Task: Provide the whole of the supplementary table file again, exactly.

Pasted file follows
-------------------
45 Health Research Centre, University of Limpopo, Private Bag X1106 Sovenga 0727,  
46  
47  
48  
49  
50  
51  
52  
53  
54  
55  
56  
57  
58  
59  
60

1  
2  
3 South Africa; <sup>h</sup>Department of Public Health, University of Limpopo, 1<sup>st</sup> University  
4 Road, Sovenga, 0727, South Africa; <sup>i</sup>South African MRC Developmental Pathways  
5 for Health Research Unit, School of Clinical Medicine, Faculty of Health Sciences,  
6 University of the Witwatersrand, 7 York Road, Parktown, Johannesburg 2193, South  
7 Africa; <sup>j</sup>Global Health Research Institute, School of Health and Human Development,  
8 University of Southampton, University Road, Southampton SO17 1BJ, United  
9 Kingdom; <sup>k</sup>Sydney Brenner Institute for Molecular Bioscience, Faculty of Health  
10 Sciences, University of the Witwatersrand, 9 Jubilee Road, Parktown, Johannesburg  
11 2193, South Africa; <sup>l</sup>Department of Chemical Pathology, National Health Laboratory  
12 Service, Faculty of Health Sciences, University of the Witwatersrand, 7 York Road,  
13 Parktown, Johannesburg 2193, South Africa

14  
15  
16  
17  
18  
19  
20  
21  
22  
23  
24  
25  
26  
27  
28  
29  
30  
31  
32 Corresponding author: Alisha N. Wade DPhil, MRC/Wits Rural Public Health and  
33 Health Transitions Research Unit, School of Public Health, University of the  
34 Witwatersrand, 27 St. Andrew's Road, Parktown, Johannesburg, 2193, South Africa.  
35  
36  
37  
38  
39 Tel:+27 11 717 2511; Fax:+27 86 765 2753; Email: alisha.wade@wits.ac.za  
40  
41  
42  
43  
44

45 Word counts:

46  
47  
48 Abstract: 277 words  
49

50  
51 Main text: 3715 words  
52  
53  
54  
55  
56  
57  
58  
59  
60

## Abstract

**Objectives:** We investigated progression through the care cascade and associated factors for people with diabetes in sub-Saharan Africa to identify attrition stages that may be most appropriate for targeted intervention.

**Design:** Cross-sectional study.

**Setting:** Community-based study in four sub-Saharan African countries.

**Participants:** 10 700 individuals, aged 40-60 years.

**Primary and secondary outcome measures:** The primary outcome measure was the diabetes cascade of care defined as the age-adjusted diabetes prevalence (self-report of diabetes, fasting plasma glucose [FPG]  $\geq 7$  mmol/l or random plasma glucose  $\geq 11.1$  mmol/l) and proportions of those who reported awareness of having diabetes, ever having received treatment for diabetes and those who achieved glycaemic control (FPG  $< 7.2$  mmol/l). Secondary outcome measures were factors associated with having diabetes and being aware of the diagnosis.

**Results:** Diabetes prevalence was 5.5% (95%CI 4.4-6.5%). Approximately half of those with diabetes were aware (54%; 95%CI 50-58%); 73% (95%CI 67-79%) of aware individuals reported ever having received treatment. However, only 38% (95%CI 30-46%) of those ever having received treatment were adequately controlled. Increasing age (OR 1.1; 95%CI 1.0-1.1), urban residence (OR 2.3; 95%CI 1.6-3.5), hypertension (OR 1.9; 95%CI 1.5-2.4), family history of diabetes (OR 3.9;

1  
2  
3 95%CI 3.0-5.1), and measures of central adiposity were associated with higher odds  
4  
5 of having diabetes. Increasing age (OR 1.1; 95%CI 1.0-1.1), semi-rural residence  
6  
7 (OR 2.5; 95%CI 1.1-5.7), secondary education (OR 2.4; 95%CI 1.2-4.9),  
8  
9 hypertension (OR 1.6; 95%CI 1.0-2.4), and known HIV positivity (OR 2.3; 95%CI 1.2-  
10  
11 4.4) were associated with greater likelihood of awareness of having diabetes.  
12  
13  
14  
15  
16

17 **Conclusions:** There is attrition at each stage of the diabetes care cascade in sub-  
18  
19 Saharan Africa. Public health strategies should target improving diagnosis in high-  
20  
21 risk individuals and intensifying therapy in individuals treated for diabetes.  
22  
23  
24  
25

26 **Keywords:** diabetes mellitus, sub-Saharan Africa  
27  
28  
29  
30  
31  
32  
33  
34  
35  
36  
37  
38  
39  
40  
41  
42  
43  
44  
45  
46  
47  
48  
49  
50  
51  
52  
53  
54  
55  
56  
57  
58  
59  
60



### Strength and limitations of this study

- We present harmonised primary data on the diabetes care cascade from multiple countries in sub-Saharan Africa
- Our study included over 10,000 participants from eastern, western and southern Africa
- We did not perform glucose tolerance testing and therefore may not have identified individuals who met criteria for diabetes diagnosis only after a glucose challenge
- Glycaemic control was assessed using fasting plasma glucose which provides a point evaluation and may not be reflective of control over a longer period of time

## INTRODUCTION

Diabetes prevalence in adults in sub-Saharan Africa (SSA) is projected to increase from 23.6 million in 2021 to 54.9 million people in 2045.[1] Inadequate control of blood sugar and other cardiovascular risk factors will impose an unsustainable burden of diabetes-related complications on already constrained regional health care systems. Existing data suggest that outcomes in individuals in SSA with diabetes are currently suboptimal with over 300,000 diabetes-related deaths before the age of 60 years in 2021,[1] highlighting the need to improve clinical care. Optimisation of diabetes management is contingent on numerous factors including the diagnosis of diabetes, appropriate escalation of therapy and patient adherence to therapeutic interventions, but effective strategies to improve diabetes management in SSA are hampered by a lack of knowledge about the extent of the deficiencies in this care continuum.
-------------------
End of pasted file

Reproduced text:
45 Health Research Centre, University of Limpopo, Private Bag X1106 Sovenga 0727,  
46  
47  
48  
49  
50  
51  
52  
53  
54  
55  
56  
57  
58  
59  
60

1  
2  
3 South Africa; <sup>h</sup>Department of Public Health, University of Limpopo, 1<sup>st</sup> University  
4 Road, Sovenga, 0727, South Africa; <sup>i</sup>South African MRC Developmental Pathways  
5 for Health Research Unit, School of Clinical Medicine, Faculty of Health Sciences,  
6 University of the Witwatersrand, 7 York Road, Parktown, Johannesburg 2193, South  
7 Africa; <sup>j</sup>Global Health Research Institute, School of Health and Human Development,  
8 University of Southampton, University Road, Southampton SO17 1BJ, United  
9 Kingdom; <sup>k</sup>Sydney Brenner Institute for Molecular Bioscience, Faculty of Health  
10 Sciences, University of the Witwatersrand, 9 Jubilee Road, Parktown, Johannesburg  
11 2193, South Africa; <sup>l</sup>Department of Chemical Pathology, National Health Laboratory  
12 Service, Faculty of Health Sciences, University of the Witwatersrand, 7 York Road,  
13 Parktown, Johannesburg 2193, South Africa

14  
15  
16  
17  
18  
19  
20  
21  
22  
23  
24  
25  
26  
27  
28  
29  
30  
31  
32 Corresponding author: Alisha N. Wade DPhil, MRC/Wits Rural Public Health and  
33 Health Transitions Research Unit, School of Public Health, University of the  
34 Witwatersrand, 27 St. Andrew's Road, Parktown, Johannesburg, 2193, South Africa.  
35  
36  
37  
38  
39 Tel:+27 11 717 2511; Fax:+27 86 765 2753; Email: alisha.wade@wits.ac.za  
40  
41  
42  
43  
44

45 Word counts:

46  
47  
48 Abstract: 277 words  
49

50  
51 Main text: 3715 words  
52  
53  
54  
55  
56  
57  
58  
59  
60

## Abstract

**Objectives:** We investigated progression through the care cascade and associated factors for people with diabetes in sub-Saharan Africa to identify attrition stages that may be most appropriate for targeted intervention.

**Design:** Cross-sectional study.

**Setting:** Community-based study in four sub-Saharan African countries.

**Participants:** 10 700 individuals, aged 40-60 years.

**Primary and secondary outcome measures:** The primary outcome measure was the diabetes cascade of care defined as the age-adjusted diabetes prevalence (self-report of diabetes, fasting plasma glucose [FPG]  $\geq 7$  mmol/l or random plasma glucose  $\geq 11.1$  mmol/l) and proportions of those who reported awareness of having diabetes, ever having received treatment for diabetes and those who achieved glycaemic control (FPG  $< 7.2$  mmol/l). Secondary outcome measures were factors associated with having diabetes and being aware of the diagnosis.

**Results:** Diabetes prevalence was 5.5% (95%CI 4.4-6.5%). Approximately half of those with diabetes were aware (54%; 95%CI 50-58%); 73% (95%CI 67-79%) of aware individuals reported ever having received treatment. However, only 38% (95%CI 30-46%) of those ever having received treatment were adequately controlled. Increasing age (OR 1.1; 95%CI 1.0-1.1), urban residence (OR 2.3; 95%CI 1.6-3.5), hypertension (OR 1.9; 95%CI 1.5-2.4), family history of diabetes (OR 3.9;

1  
2  
3 95%CI 3.0-5.1), and measures of central adiposity were associated with higher odds  
4  
5 of having diabetes. Increasing age (OR 1.1; 95%CI 1.0-1.1), semi-rural residence  
6  
7 (OR 2.5; 95%CI 1.1-5.7), secondary education (OR 2.4; 95%CI 1.2-4.9),  
8  
9 hypertension (OR 1.6; 95%CI 1.0-2.4), and known HIV positivity (OR 2.3; 95%CI 1.2-  
10  
11 4.4) were associated with greater likelihood of awareness of having diabetes.  
12  
13  
14  
15  
16

17 **Conclusions:** There is attrition at each stage of the diabetes care cascade in sub-  
18  
19 Saharan Africa. Public health strategies should target improving diagnosis in high-  
20  
21 risk individuals and intensifying therapy in individuals treated for diabetes.  
22  
23  
24  
25

26 **Keywords:** diabetes mellitus, sub-Saharan Africa  
27  
28  
29  
30  
31  
32  
33  
34  
35  
36  
37  
38  
39  
40  
41  
42  
43  
44  
45  
46  
47  
48  
49  
50  
51  
52  
53  
54  
55  
56  
57  
58  
59  
60



### Strength and limitations of this study

- We present harmonised primary data on the diabetes care cascade from multiple countries in sub-Saharan Africa
- Our study included over 10,000 participants from eastern, western and southern Africa
- We did not perform glucose tolerance testing and therefore may not have identified individuals who met criteria for diabetes diagnosis only after a glucose challenge
- Glycaemic control was assessed using fasting plasma glucose which provides a point evaluation and may not be reflective of control over a longer period of time

## INTRODUCTION

Diabetes prevalence in adults in sub-Saharan Africa (SSA) is projected to increase from 23.6 million in 2021 to 54.9 million people in 2045.[1] Inadequate control of blood sugar and other cardiovascular risk factors will impose an unsustainable burden of diabetes-related complications on already constrained regional health care systems. Existing data suggest that outcomes in individuals in SSA with diabetes are currently suboptimal with over 300,000 diabetes-related deaths before the age of 60 years in 2021,[1] highlighting the need to improve clinical care. Optimisation of diabetes management is contingent on numerous factors including the diagnosis of diabetes, appropriate escalation of therapy and patient adherence to therapeutic interventions, but effective strategies to improve diabetes management in SSA are hampered by a lack of knowledge about the extent of the deficiencies in this care continuum.